Assibilation in Finnic iteratives

With the assibilation *ti > *ci > si being one of the best-known innovations in Finnic, one would think it would have been researched to exhaustion long since. But there still seem to be new discoveries available.

The best-known examples of assibilation are paradigmatic alternations in inflection, either in nominals (e.g. Fi. kaksi : stem kahte- ‘2’) or verbs (tietä- : imperfect stem tiesi- ‘to know’); and instances affecting the overall shape of a word root (sinä ‘2PS’ < *tinä, silta ‘bridge’ < *tilta, asia ‘thing’ < *atja) or a suffix (kala-si  ‘your fish’ < *kala-ti). However, cases in word derivation such that a morpheme boundary originally occurred between *-t- and *-i- seem to have been left with less attention.

One morphological category where we could suspect previously understudied examples of assibilation hanging around are iterative verbs in -i-. That assibilation can take place in these is not news per se: at least one clear example has been known for long, namely sortaa ‘to break down, oppress’ → *sorta-j- > *sorti- > *sorci- > sorsia ‘to tease’. This appears to be the only example in modern Finnish where an underived and unassibilated verb stem still clearly survives alongside an assibilated one, though.

A bit more common are examples derived from nominal roots ending in -si : -te-. Here it is possible to however consider later derivation from the nominative singular or from the plural stem (uusi(-) + -i-uusi-), instead of Proto-Finnic derivation from the oblique stem (*uutə-j- > *uuti- > *uuci- > uusi-). At least the first two verbs seems to have quite limited dialect distribution, and so are probably not independent examples of assibilation.

  • kirsi ‘frost’ → kirsiä ‘to soften when thawing (of the ground)’
  • korsi ‘culm’ → N. Krl. koršie ‘to grow longer (of grain)’
  • kynsi ‘nail’ → kynsiä ‘to scratch’
  • niisi ‘heddle’ → niisiä ‘to thread warps through the heddle’
  • uusi ‘new’ → uusia ‘to renew’

At other times, assibilation is identifiable only by comparison with distant relatives or parallel derivatives. Three likely and one further possible example are found in modern Finnish (all involved etymological connections already appear in earlier literature, though they have not necessarily been explained through *-ti- > -si-):

  • jyrsiä ‘to gnaw’: likely < *jürci- < *jürtä-j-, from unattested *jürtä-, in turn segmentable as a causative *jür-tä-. Known cognates elsewhere in Uralic (Permic *jɨrɨ-, Mansi *jär-; both likewise ‘to gnaw’) suggest that the basic root was simply *jürə-.
  • kursia ‘to stitch together’: perhaps similarly < *kurci- < *kur-ta-j-, derived from the same root as kuroa ‘to stitch together, to stretch together’; perhaps an applicative derivative = *kur-o-. The basic root *kurə- has known cognates in Samic *korë-, Samoyedic *kur-å- (where *-å- must be a derivative element, per the mismatch with Samic and the absense of the regular sound change *u-a > *ə-å). [1]
  • suosia ‘to favor’: likely < *sooci- < *soota-j- ← unattested *soo-ta- ← *soo- (> suo-) ‘to grant, to provide’.
  • talsia ‘to walk slowly’: appears to be likely related to tallata ‘to tread’. However, assuming a common root *talta- has the problem that the latter verb shows unvarying -ll-, e.g. Veps tallata (not ˣtaldata). To uphold this connection, it would seem to be necessary to assume generalization of the weak grade -ll- somewhere in the western Finnic area, followed by diffusion of the newly reformed verb to the rest of the family. Also, we would actually expect *talta-j- > **taltoi-! Some kind of analogical formation therefore seems more likely than soundlawful Proto-Finnic development.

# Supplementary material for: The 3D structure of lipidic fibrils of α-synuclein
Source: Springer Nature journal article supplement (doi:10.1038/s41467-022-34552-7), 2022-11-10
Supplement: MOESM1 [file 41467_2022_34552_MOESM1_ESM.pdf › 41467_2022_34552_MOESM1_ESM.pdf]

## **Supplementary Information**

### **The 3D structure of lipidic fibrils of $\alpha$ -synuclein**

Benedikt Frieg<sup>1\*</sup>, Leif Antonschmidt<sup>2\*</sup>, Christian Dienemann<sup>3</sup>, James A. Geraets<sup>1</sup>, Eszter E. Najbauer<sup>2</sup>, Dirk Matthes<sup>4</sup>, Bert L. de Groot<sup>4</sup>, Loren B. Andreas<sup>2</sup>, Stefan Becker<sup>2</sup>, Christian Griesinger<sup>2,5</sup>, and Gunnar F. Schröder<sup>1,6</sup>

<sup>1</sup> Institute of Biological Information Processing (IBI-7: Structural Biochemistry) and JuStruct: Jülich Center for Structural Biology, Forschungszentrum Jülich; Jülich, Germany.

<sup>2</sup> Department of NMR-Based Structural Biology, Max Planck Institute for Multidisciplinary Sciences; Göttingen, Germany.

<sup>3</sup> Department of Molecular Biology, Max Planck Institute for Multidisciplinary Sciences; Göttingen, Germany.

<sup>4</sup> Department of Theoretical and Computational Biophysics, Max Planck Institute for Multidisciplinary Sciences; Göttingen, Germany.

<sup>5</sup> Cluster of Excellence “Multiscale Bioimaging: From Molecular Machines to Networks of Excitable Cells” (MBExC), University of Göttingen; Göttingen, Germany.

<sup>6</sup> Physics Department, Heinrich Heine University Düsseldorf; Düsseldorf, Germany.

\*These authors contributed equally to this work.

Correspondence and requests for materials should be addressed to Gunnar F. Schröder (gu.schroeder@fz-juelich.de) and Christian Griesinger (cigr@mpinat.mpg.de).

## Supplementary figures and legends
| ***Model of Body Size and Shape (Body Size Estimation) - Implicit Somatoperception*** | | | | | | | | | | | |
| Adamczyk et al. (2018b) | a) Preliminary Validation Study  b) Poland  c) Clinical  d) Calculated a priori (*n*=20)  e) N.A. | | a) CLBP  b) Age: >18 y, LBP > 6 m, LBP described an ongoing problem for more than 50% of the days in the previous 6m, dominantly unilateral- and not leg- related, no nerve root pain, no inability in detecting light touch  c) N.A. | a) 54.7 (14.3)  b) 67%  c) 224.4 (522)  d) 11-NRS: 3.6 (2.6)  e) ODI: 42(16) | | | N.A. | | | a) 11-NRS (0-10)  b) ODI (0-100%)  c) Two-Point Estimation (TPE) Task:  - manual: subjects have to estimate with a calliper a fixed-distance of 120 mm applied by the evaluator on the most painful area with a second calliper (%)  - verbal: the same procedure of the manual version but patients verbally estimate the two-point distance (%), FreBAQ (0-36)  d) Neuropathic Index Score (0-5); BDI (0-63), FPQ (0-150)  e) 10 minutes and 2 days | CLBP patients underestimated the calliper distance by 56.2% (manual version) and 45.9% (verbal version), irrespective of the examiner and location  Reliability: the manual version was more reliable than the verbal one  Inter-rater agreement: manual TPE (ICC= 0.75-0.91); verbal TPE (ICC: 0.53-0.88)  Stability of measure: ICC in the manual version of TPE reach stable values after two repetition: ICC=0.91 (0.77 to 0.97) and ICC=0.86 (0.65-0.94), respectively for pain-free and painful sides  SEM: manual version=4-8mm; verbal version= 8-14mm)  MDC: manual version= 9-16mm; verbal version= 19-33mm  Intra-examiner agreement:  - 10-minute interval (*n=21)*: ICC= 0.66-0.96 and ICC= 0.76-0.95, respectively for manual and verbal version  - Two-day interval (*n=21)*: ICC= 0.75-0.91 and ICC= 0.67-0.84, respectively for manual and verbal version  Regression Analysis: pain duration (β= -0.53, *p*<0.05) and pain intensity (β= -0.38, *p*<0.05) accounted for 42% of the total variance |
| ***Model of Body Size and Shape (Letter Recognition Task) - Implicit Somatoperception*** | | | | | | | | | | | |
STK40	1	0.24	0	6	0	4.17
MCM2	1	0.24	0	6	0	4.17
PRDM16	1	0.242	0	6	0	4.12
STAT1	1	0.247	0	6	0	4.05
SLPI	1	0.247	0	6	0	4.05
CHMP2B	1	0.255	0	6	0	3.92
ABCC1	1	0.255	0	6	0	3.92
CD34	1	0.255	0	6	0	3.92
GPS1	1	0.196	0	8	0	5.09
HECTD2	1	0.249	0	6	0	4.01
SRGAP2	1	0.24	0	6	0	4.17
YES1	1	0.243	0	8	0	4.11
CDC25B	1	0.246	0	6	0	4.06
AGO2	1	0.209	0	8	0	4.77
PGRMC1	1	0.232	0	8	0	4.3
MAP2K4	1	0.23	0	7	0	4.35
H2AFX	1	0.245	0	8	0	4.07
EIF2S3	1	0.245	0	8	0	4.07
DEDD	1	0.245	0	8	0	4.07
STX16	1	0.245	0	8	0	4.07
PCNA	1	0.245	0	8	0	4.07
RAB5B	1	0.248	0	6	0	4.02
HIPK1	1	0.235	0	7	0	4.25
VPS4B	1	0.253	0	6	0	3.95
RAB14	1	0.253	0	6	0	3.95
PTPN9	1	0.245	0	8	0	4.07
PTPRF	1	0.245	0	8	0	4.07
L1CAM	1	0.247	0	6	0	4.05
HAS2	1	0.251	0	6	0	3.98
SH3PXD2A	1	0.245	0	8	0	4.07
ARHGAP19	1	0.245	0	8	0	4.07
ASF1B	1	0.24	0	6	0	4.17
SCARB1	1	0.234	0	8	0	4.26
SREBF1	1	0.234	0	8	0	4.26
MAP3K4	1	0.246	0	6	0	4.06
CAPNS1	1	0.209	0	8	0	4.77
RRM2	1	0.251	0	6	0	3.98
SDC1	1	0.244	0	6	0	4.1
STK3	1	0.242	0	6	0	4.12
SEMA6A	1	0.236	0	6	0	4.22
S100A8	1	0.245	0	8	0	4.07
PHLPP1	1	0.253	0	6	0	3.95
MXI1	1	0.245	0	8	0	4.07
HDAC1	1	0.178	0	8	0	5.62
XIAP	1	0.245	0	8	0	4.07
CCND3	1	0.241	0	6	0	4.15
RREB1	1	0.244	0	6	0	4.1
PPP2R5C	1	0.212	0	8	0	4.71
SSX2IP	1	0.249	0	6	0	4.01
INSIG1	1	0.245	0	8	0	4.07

From Karelian I can additionally find viršie (Northern) ‘to dawdle’. If from *vir-tä-j-, this might be connectable with viruo (~ Fi. virua, etc.) ‘to lay about, be sick’.

A relatively similar scenario could be moreover crafted for Krl. polzie (Southern) ‘to crawl’, which seems in theory derivable from polvi ‘knee’; a Proto-Finnic intermediate derivative *polwə-ta- > *polw-ta- *polta- ‘to kneel’ would need to be posited. However, this is much more straightforwardly explainable as a loanword from Russian ползать ‘to crawl’… [2] and so what we gain here instead is a reminder about the unreliability of etymological connections built on multi-stage derivational assumptions.

A common thread in these examples however seems to emerge, which I think provides some extra backing for reconstructing unattested “intermediate” verb stems such as *jürtä-, *virtä- (your call if this is actually decisive). This is an avoidance of verbs of the shape **CVRi-, especially from base roots of the shape *CVRə-, [3] upheld by deriving the iterative instead from a causative or pseudo-causative extended stem, formed by the common verbal suffix *-tA-. I have no idea what motivation this constraint could have behind it, though.

I think there is also one other larger category of iteratives that show assibilation. These are verbs formed with a suffix -(e)ksi-, predominantly from basic intransitive verbs:

  • haave ‘daydream’ → haaveksia ‘to daydream’
  • imeäimeksiä ‘to suck’
  • istuaistuksia ‘to sit (around)’
  • kantaakanneksia ‘to carry’
  • kulkea ‘to go’ → kuljeksia ‘to walk about’
  • kustakuseksia ‘to piss’
  • lukealueksia ‘to read’
  • niellänieleksiä ‘to swallow’
  • nuollanuoleksia ‘to lick’
  • olla ‘to be’ → oleksia ‘to stay at’
  • pierräpiereksiä ‘to fart’
  • piilläpiileksiä ‘to hide’
  • purra ‘to bite’ → pureksia ‘to chew’
  • ripistä ‘(of rain or raindrops) to make noise’ → ripeksiä ‘to rain lightly, drizzle’
  • seisoa ‘to stand’ → seisoksia ‘to stand around’
  • surra ‘to mourn’ → sureksia ‘to be sad’
  • sylkeäsyljeksiä ‘to spit’
  • tunkea ‘to cram’ → tungeksia ‘to crowd, throng’
  • töpätä ‘to make a small mistake, hit a snaggle’ → töpeksiä ‘to make a lousy job at smth’
  • uni ‘dream’ → uneksia ‘to dream’
  • vuollavuoleksia ‘to whittle’

Many of these seem to have developed a more durative than iterative meaning, but at least verbs like kuseksia, nieleksiä, pureksia, syljeksiä clearly refer to iterated actions. It’s also worth noting that again, none of these verbs have simpler -i-iteratives such as ˣimiä, ˣkusia, ˣnuolia, ˣsuria

I also think that this group needs to be separated from a distinct group of “sensive” verbs, mostly derived from adjectives, indicating considering something similar to the base word. Unlike the above, these are transitive verbs coexisting with synonymous verbs ending in -(e)ksU-: